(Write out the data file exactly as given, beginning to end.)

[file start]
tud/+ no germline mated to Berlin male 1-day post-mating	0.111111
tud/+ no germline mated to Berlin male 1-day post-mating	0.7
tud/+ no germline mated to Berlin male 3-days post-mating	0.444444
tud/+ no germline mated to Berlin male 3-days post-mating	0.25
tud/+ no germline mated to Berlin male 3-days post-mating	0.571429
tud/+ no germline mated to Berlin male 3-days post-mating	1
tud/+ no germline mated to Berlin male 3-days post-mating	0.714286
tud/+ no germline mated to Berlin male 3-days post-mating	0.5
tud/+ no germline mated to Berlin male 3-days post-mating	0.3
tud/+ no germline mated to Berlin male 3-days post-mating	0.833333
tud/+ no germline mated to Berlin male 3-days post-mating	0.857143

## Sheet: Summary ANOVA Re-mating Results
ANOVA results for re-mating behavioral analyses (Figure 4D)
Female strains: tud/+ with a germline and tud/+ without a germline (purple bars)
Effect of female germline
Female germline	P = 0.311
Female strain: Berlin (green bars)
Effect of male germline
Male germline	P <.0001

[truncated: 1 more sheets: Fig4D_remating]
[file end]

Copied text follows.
tud/+ no germline mated to Berlin male 1-day post-mating	0.111111
tud/+ no germline mated to Berlin male 1-day post-mating	0.7
tud/+ no germline mated to Berlin male 3-days post-mating	0.444444
tud/+ no germline mated to Berlin male 3-days post-mating	0.25
tud/+ no germline mated to Berlin male 3-days post-mating	0.571429
tud/+ no germline mated to Berlin male 3-days post-mating	1
tud/+ no germline mated to Berlin male 3-days post-mating	0.714286
tud/+ no germline mated to Berlin male 3-days post-mating	0.5
tud/+ no germline mated to Berlin male 3-days post-mating	0.3
tud/+ no germline mated to Berlin male 3-days post-mating	0.833333
tud/+ no germline mated to Berlin male 3-days post-mating	0.857143

## Sheet: Summary ANOVA Re-mating Results
ANOVA results for re-mating behavioral analyses (Figure 4D)
Female strains: tud/+ with a germline and tud/+ without a germline (purple bars)
Effect of female germline
Female germline	P = 0.311
Female strain: Berlin (green bars)
Effect of male germline
Male germline	P <.0001

[truncated: 1 more sheets: Fig4D_remating]